Should Auschwitz be left to decay – and disappear?

Reminder at the edge of Track 17, Grunewald Station, Berlin
Daylife/Getty Images

On the eve of Holocaust Memorial Day, two experts on Auschwitz argue for and against the idea that the former Nazi death camp should be allowed to crumble away.


Many Auschwitz survivors have told me that a visit to the camp can teach little to those who were not imprisoned there.

Their view is best summarised in the text of Alain Resnais’ celebrated movie Night and Fog (1955), written by the camp survivor Jean Cayrol. As the camera pans across the empty barracks, the narrator warns the viewer that these remains do not reveal the wartime reality of “endless, uninterrupted fear”. The barracks offer no more than “the shell, the shadow”.

Should the world marshal enormous resources to preserve empty shells and faint shadows?


The only people with a full and undeniable right to decide the future of the Auschwitz-Birkenau Memorial are the hundreds of thousands murdered in this concentration camp. The prisoners whom I met as prisoner number 4427, when I was detained in Auschwitz between September 1940 and April 1941, are among them.

To some I owe my survival. They saved me, guided not only by the impulse of the heart, which was heroic at the time. They also believed that the survivors will bear witness to the tragedy which in Auschwitz-Birkenau became the fate of so many Europeans.

But the moment when there will be no more eyewitnesses left is inexorably approaching. What remains is the belief that when the people are gone, “the stones will cry out”.

Because we preserve an archive of evil we remind and remember what that evil was and did to the world. There is no less reason to preserve Auschwitz than to polish and paint the Statue of Liberty or temper the air in the Louvre.

Frankly, I consider this discussion to be an exercise in sophistry. The premise of museums and libraries is established as a necessity of civilization. Only nations and politicians with a stake in forgetting consider the question.

It’s been thirty years since I visited and learned from Auschwitz. Future generations should have the same opportunity.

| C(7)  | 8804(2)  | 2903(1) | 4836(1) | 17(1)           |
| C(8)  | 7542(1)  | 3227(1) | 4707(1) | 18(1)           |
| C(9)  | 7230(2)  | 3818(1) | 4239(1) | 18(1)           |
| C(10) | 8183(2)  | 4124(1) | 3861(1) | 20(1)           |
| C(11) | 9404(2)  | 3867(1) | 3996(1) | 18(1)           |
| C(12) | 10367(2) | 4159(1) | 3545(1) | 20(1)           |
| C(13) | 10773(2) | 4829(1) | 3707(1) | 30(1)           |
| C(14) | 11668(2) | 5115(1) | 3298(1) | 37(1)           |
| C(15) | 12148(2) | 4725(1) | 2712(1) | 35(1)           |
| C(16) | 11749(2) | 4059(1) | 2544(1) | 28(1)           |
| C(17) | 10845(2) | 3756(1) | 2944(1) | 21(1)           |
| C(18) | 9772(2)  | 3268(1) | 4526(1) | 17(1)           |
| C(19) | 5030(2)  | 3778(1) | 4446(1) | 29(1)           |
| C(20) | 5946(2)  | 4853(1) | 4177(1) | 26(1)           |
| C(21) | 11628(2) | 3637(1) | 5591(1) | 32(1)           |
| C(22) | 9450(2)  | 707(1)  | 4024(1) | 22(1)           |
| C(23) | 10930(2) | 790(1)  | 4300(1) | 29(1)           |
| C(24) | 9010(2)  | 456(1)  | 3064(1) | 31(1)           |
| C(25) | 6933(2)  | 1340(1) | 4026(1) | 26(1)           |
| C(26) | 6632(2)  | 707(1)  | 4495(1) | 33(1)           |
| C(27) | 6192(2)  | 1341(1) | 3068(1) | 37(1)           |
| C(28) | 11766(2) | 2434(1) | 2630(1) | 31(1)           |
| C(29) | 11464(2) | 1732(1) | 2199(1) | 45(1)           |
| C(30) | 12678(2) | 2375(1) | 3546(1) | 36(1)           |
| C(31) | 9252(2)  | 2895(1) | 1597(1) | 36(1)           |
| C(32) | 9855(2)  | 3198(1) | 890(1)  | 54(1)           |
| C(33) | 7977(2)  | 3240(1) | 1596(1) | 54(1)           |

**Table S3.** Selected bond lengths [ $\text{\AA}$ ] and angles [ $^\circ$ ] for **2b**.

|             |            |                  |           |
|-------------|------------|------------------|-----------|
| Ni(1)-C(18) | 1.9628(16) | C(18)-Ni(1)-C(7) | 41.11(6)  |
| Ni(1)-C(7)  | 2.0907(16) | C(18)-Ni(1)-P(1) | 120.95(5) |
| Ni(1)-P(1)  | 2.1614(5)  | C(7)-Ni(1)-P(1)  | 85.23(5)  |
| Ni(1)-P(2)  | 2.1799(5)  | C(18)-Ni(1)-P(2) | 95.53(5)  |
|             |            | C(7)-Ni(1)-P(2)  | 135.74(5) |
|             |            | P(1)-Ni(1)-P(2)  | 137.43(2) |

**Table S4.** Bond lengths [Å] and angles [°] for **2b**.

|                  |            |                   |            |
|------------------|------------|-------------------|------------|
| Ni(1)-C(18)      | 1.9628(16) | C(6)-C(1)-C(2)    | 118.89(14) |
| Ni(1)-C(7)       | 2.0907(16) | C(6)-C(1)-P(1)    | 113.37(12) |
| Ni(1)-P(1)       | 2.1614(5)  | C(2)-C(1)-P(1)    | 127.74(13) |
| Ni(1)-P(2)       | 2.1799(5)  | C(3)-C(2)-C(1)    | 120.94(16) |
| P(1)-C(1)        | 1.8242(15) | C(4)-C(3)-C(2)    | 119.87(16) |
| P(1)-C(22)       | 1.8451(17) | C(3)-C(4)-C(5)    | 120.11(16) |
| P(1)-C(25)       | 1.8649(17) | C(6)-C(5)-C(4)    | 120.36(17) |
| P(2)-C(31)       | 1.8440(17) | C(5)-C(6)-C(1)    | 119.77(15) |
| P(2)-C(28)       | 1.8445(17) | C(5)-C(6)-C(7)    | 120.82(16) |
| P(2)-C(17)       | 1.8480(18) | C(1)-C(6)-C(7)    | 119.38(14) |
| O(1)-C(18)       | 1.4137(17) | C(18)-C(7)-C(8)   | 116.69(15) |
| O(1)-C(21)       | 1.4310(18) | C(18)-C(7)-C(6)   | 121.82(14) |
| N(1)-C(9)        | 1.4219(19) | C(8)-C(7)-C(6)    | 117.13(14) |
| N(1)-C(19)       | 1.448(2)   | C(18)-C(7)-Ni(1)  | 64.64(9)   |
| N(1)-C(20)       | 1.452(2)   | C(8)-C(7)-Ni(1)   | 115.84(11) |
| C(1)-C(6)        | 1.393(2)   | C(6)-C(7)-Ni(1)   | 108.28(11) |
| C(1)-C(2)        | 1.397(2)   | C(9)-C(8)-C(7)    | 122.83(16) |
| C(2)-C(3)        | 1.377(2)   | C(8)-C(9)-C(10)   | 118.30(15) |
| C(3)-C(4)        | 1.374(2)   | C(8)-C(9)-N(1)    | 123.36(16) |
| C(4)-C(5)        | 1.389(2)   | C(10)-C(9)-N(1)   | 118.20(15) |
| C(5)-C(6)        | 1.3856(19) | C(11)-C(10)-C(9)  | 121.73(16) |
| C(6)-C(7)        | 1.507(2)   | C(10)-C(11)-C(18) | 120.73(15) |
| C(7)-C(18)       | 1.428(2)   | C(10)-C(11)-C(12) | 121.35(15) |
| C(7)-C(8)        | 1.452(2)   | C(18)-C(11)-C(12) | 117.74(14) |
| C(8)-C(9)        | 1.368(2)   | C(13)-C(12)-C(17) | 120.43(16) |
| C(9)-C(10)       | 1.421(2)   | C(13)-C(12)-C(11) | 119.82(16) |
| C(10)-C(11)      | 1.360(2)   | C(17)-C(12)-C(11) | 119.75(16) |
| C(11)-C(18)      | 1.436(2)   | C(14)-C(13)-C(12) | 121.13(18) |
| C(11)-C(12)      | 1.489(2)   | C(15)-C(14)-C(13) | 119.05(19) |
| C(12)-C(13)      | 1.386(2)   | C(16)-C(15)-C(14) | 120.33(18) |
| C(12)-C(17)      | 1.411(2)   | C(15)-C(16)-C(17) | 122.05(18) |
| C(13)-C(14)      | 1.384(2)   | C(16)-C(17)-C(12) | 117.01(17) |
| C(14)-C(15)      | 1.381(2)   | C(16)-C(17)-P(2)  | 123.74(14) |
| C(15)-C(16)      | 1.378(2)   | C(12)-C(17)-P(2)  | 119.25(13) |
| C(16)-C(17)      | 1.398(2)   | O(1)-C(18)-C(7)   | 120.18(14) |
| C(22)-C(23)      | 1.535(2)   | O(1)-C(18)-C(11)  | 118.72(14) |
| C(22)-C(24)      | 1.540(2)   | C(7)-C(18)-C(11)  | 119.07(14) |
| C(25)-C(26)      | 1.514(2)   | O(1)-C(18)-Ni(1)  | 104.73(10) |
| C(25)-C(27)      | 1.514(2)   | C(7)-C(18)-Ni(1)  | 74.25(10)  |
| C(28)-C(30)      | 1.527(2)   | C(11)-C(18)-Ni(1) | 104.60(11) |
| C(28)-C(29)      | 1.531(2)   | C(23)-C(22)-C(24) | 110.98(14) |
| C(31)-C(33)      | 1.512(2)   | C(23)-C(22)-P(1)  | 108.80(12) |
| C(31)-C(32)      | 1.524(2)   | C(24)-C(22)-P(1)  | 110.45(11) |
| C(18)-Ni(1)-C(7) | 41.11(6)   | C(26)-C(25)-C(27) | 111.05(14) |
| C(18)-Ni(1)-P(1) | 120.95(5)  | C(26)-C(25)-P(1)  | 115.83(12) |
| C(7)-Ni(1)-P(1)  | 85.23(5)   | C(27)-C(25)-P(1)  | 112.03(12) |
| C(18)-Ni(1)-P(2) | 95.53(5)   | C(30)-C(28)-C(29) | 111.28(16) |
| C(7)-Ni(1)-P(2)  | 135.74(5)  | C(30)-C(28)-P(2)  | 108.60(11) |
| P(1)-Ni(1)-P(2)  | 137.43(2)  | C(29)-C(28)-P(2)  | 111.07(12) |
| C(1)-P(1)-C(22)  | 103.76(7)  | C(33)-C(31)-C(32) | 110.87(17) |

[It’s been over twelve years since I reached the conclusion immediately above this line. I still feel the same.]

3 thoughts on “Should Auschwitz be left to decay – and disappear?

  1. Footnote says:

    “Auschwitz and Birkenau: Why the World War II Photo Interpreters Failed to Identify the Extermination Complex”
    “…Concomitant with the tragic failure of photo interpreters to identify the Auschwitz- Birkenau Extermination Complex was the equally tragic failure of major Allied air commands to be aware that aerial photography of the complex existed. There had been numerous appeals from many sources to bomb the complex, the railyards, the rail bridges and rail lines leading to Auschwitz. Those appeals reached the highest levels, including Prime Minister Winston Churchill and President Franklin D. Roosevelt. When the bombing specialists were ordered to formulate plans for bombing the Auschwitz-Birkenau Extermination Complex, officials of the Air Ministry, the Royal Air Force Bomber Command and the U.S. 8th Air Force bemoaned the lack of aerial photographic coverage of the complex. In fact, such photos were readily available at the Allied Central Interpretation Unit at Royal Air Force Station Medmenham, 50 miles outside of London and at the Mediterranean Allied Photo Reconnaissance Wing in Italy. The ultimate irony was that no search for the aerial photos was ever instituted by either organization. In retrospect, it is a fact that by the time the Soviet Army reached Auschwitz on January 27, 1945, the Allies had photographed the Auschwitz-Birkenau Extermination Complex at least 30 times.”

  2. Santayana says:

    KANSAS CITY, Mo. “Auschwitz comes to the middle of America, with a powerful warning”
    The exhibition is called “Auschwitz. Not long ago. Not far away.” Created by a small but ambitious Spanish firm, Musealia, in collaboration with the Auschwitz-Birkenau State Museum in Poland, this groundbreaking exhibition brings together more than 700 original objects and 400 photographs from over 20 institutions and museums around the world.

  3. Santayana says:

    The Auschwitz-Birkenau museum has alleged that it was the target of “primitive” propaganda spread by Russian state agencies on social media.
    “The use of the Auschwitz-Birkenau Memorial for propaganda that lends credence to alleged Russophobia and strengthens theories about the need for denazification of Ukraine should be opposed by all thinking people worldwide,” the museum said.

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